D Tales 2015: Garnish 101
Welcome to the first official D Tales 2015 post. This series of posts is in the spirit of Tales of the Cocktail happening now in New Orleans.
Here we will cover garnishes and specifically citrus ones which tend to be the most popular in bars. There are 6 types of this category of garnishes of those one will be covered at a later date.
The three main types of citrus are lemon, lime and orange. Occasionally bars will use grapefruit or even more exotic citrus like blood orange, pomelo, yuzu, etc.
There are rules of thumb for when to use of each type of citrus.
– Lemons are used for drinks with lemon juice and some drinks that are vodka-based such as bloody Mary, vodka tonic, and long island iced tea. Rarely a lemon will pop-up on a beer.
– Limes are used in drinks that use lime juice and drinks that have rum, gin, tequila and some whiskey drinks. You’ll sometimes see a lime on Mexican beers.
– Oranges are used in drinks that contain orange juice and some drinks with whiskey as well as some beers.
– Tropical drinks can be a mix of all or some of these based on preference and visual appearance.
Wedges and Slices are common garnishes and these are found in all types of bars from neighborhood pubs up to your high end craft bars. Wedges are dual purpose as they are also used to tailor your drink to your liking. If it is too sweet, hit it with the wedge for more acid.
Wedges (on the left) are made by cutting about 1/8″-1/4″ of each “pointy” end of the citrus (the stem and opposite it). The goal is to just expose the fruit inside and past the pith (white part). For limes, cut them in half long ways then split into 3 wedges (again long ways) for each half. For lemons, split into 4 wedges per half and oranges 4-6 depending on size. You don’t want too big of a garnish so use your judgment. Keep it the size of a small lighter. Cut a slit half way down the middle of the inner fruit so it can sit on the rim of a drink.
Slices (on the right) are just half of a wheel which we will explain below.
Wheels are not as common as they used to be as they are quite big. There are two different thicknesses based on their application. 1/4″ in thickness with a slit half way up is great to add to a rim of a glass. While 1/8″ or thinner, is perfect to place inside a glass between the ice which holds it in place. This creates an attractive pattern insider your glass (use 3-6 depending on how big it is).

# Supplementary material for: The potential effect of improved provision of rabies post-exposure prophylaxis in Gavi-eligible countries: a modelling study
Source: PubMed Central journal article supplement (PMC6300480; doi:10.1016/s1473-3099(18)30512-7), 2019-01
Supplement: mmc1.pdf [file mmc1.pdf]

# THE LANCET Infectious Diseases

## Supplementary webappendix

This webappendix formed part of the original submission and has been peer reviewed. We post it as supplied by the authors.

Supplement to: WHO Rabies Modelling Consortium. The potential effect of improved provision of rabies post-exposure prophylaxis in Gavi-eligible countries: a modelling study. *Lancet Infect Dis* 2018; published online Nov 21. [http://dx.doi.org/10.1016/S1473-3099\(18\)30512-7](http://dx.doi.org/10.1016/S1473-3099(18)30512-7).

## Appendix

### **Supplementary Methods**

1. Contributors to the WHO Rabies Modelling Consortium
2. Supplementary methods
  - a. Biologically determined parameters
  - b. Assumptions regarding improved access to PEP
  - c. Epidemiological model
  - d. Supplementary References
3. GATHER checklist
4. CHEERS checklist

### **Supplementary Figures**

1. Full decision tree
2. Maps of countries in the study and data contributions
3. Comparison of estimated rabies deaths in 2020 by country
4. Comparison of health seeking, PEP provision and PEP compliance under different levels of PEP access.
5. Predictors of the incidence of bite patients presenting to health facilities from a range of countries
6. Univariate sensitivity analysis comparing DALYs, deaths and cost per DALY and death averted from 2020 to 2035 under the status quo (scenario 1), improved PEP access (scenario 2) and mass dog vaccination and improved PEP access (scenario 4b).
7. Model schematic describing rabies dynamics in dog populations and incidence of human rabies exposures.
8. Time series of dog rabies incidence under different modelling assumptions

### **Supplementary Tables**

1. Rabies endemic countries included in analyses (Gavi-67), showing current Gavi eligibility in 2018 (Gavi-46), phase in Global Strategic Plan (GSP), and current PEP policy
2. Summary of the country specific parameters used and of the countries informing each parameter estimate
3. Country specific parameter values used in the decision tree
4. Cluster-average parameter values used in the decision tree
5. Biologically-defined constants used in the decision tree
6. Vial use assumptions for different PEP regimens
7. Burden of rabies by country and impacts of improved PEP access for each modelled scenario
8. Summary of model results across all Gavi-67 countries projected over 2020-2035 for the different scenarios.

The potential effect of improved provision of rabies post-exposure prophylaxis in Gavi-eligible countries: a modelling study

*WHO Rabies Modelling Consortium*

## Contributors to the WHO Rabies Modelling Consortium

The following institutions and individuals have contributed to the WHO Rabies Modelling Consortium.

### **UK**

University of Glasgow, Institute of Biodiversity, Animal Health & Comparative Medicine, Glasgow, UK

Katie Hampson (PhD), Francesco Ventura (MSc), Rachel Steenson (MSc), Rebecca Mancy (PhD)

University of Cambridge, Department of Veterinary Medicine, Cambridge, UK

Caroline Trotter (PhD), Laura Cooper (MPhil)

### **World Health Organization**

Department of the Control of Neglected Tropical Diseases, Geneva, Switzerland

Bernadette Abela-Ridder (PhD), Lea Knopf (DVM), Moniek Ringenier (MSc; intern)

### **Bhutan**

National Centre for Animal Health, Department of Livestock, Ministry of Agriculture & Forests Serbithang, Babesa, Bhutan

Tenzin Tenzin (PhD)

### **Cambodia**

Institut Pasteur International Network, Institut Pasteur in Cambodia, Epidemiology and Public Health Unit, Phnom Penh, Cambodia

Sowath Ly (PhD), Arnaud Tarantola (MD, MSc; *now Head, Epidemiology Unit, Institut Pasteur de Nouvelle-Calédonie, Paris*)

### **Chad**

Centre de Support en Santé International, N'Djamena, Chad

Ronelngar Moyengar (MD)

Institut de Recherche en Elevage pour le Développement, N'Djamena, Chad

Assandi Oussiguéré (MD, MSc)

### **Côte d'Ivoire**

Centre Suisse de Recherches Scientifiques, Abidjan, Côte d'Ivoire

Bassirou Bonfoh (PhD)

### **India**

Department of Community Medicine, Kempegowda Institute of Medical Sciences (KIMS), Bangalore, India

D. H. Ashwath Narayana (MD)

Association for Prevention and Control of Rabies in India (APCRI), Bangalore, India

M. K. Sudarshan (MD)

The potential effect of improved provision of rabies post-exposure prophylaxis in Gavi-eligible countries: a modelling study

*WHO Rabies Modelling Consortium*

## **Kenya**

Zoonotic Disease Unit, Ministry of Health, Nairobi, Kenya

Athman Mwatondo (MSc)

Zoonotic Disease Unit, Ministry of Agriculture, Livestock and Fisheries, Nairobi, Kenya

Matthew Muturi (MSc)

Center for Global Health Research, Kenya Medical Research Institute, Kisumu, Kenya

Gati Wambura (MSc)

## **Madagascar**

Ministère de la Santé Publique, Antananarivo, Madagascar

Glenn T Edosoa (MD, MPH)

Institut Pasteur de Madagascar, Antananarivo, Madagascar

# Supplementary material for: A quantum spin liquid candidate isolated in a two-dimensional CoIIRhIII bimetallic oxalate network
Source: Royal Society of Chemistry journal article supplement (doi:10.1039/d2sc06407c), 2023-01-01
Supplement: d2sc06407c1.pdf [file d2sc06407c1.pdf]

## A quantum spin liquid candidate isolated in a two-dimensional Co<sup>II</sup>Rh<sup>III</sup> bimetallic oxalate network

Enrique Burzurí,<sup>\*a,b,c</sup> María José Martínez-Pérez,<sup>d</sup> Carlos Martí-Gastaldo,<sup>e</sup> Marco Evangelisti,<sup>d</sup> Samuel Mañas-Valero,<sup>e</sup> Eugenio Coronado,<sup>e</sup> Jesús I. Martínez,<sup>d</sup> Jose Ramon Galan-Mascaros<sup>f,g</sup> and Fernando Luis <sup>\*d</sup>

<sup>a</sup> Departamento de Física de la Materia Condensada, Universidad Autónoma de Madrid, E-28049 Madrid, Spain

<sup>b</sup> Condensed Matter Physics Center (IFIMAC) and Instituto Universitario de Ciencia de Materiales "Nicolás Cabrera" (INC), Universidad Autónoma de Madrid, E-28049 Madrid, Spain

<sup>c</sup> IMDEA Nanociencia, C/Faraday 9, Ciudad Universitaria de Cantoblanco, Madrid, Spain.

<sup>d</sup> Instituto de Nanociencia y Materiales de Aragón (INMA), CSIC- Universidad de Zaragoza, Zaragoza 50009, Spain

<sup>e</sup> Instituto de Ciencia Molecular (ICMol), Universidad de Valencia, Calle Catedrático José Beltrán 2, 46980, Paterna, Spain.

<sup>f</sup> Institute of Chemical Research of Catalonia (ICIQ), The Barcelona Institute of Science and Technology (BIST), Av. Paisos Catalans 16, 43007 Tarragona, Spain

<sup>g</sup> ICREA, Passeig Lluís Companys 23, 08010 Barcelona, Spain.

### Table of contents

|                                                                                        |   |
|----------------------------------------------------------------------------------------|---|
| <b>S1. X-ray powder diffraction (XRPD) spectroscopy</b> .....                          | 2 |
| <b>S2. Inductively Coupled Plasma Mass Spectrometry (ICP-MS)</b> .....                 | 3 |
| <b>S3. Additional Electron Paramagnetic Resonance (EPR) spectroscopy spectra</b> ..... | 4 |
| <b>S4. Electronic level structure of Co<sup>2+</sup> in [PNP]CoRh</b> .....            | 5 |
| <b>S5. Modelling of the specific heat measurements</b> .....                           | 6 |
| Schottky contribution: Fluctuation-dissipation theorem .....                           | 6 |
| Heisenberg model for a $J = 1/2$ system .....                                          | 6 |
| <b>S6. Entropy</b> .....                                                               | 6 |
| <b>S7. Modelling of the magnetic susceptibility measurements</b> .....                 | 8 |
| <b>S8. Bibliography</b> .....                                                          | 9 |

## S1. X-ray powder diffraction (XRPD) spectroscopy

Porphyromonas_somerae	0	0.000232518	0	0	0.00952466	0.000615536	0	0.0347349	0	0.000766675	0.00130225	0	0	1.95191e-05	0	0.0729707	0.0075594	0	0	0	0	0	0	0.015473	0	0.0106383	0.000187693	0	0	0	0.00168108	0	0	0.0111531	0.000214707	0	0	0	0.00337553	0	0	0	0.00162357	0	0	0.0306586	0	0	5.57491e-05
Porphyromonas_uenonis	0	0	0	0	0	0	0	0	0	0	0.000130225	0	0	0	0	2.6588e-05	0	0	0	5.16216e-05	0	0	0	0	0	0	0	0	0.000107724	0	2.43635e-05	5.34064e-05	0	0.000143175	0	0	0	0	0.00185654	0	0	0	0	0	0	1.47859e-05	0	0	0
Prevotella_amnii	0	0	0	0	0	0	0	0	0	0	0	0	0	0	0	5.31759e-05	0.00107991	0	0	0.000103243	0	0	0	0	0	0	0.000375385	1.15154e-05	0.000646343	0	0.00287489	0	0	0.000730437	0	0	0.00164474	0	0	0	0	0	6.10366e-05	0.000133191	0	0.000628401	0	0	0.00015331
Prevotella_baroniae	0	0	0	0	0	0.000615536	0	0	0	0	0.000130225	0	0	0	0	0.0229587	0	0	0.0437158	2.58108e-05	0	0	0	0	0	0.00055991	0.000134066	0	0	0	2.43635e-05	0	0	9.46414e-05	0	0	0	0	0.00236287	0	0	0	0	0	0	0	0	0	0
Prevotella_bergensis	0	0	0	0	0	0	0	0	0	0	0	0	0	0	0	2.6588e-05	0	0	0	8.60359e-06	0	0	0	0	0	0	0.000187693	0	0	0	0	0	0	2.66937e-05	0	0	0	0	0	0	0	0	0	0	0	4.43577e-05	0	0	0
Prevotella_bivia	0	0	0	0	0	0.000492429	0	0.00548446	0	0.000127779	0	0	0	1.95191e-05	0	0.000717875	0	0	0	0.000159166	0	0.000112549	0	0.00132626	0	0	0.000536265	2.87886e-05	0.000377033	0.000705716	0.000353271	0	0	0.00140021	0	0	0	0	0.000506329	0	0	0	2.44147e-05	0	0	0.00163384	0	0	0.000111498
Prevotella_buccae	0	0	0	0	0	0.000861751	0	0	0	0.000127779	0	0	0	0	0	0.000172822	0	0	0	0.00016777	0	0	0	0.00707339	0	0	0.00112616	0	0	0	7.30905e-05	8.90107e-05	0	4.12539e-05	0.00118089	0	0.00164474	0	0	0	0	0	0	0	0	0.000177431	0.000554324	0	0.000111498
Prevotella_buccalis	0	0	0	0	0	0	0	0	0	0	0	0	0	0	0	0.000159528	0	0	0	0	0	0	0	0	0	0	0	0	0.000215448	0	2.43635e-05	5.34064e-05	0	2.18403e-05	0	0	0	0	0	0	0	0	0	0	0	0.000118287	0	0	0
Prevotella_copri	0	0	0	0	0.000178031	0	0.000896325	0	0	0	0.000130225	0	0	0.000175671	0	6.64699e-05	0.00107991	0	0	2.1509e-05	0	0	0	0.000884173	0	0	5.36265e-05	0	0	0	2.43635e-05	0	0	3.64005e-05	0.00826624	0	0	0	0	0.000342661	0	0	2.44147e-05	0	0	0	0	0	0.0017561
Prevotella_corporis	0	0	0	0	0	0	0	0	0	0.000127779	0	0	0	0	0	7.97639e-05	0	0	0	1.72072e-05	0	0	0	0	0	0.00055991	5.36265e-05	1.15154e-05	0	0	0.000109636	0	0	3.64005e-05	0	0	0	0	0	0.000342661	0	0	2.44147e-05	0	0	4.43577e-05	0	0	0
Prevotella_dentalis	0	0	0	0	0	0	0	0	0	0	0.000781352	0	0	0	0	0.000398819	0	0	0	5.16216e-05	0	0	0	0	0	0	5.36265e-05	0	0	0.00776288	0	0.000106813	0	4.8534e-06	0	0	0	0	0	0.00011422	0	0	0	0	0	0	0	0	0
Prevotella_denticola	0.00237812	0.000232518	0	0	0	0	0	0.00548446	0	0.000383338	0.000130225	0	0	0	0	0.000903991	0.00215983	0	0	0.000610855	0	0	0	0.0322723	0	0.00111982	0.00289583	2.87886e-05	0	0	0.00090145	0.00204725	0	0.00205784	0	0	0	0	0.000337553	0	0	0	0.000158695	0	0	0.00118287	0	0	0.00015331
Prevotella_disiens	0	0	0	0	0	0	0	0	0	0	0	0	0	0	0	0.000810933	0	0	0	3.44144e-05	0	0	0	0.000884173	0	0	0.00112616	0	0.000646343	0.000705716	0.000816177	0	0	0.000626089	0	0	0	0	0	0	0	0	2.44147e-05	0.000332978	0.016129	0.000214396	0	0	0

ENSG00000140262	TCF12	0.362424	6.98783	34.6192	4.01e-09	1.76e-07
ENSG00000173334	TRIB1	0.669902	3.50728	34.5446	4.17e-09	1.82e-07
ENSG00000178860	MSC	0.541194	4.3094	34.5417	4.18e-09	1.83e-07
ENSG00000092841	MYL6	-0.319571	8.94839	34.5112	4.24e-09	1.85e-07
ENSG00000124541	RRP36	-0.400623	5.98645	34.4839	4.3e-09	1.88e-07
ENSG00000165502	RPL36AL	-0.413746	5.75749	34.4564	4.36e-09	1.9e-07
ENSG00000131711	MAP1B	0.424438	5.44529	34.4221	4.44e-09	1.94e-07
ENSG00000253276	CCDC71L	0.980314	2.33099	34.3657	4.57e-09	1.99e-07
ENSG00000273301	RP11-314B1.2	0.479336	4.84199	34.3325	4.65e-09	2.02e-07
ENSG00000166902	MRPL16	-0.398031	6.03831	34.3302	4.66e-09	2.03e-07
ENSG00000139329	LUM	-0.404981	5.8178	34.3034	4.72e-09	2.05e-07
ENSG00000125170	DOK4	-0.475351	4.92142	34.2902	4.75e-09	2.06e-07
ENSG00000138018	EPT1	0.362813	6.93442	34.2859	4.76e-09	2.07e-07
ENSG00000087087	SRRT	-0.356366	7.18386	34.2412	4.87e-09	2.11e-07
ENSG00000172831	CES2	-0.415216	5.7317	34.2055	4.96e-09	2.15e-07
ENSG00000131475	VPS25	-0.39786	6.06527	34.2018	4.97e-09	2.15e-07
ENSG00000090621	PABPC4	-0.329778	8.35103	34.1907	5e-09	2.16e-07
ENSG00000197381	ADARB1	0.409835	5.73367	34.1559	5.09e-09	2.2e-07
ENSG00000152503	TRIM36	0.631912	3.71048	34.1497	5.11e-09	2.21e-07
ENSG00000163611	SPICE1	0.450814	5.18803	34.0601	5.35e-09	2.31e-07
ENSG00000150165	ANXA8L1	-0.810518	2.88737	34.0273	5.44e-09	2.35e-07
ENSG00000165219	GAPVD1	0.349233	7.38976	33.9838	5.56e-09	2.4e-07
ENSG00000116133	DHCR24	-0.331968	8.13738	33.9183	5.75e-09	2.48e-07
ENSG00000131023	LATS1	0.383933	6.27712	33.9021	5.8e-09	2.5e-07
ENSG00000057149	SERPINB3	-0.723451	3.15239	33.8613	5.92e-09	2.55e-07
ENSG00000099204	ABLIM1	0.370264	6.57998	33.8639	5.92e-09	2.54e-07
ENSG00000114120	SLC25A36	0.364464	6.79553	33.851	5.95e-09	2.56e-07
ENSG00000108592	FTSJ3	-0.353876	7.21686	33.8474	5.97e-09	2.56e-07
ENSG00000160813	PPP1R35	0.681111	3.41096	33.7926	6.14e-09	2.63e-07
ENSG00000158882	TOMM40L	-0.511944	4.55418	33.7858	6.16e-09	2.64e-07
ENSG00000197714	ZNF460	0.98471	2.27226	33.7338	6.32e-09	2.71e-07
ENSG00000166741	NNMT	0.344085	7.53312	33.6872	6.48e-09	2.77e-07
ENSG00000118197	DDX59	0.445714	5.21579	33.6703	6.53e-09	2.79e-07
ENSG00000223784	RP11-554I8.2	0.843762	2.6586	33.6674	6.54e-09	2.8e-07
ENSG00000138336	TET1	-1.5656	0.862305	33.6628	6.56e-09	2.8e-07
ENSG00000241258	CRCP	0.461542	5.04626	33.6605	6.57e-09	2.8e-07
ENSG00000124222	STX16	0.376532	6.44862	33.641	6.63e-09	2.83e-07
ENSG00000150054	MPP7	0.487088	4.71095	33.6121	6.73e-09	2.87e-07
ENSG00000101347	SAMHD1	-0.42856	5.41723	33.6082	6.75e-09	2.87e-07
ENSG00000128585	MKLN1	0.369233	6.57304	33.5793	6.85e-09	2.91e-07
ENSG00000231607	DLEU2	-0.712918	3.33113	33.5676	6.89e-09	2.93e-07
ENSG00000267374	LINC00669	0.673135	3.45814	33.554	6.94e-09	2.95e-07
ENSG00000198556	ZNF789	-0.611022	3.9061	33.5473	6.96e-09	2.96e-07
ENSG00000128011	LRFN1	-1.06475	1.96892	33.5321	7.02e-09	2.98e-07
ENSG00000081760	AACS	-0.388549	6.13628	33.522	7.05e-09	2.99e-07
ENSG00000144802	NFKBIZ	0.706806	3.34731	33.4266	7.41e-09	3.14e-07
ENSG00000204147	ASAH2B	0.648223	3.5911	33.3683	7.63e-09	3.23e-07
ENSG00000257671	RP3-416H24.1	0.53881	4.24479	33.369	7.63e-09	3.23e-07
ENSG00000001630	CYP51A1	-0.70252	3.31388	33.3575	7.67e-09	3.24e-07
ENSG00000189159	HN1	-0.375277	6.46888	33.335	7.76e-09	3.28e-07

Start like you are cutting wedges by cutting off each end. Then slice full rounds of the fruit to your desired thickness. Remember to add a slit if you are using it for a rim garnish.
Swaths are extremely common in craft bars and add a burst of citrus right to the top of a finished drink. This leads to a powerful aroma on the first few sips of a cocktail.
My favorite way to make these is with a vegetable peeler. Start near an end of the fruit and peel down to the other end stopping about half way. Don’t peel too deep. The goal is to get as little of the pith as possible. Pinch the swath, skin down, over the drink and a spray of oils should express. The fresher the fruit, the more oil. If the fruit is old, you will struggle to get any peel off.
Alternatively, you can use a sharp knife to carve a round of swath. This works the same way but is harder to avoid pith, if you are unskilled with a knife.
Once you get good expressing the oils, try doing it with one hand. After you get good at that, practice spraying the oils over a lighter or match for a nice burst of flame over the drink. This leaves a rich caramelized/smokey flavor to the top of the drink.
An old fashioned is way better with just a swath and none of that muddled cherry and orange mumbo jumbo. Orange is awesome, lemon is good too.
Twists and Spirals are tricky to do with a pairing knife but easy to do with a channel knife. The trick is to not cut too deep and expose a lot of pith. My examples above are too pithy. For a twist cut about 3 inches with the channel knife starting at one end of the fruit and working down in a circle. For a spiral do this for 6-8 inches (or the whole thing). Most times this type of garnish will loose it’s shape. Twist it around a skewer and hold it for 30 – 60 seconds. This will help firm up the shape.
Zest is sometimes used in cocktails but one must be careful it is used sparingly. The strands of peel are not pleasant in the mouth and are hard to avoid when they are so small. You can sprinkle a few on top of a foam or whip but resist to drop a heap on there. I recommend a zesting tool. They do make combo zesting/channel knives but they are often made for right handed people only.
Boats & Flags are the final type of citrus garnish and very from the complex to the simple. I’ll cover these more in-depth in a future post.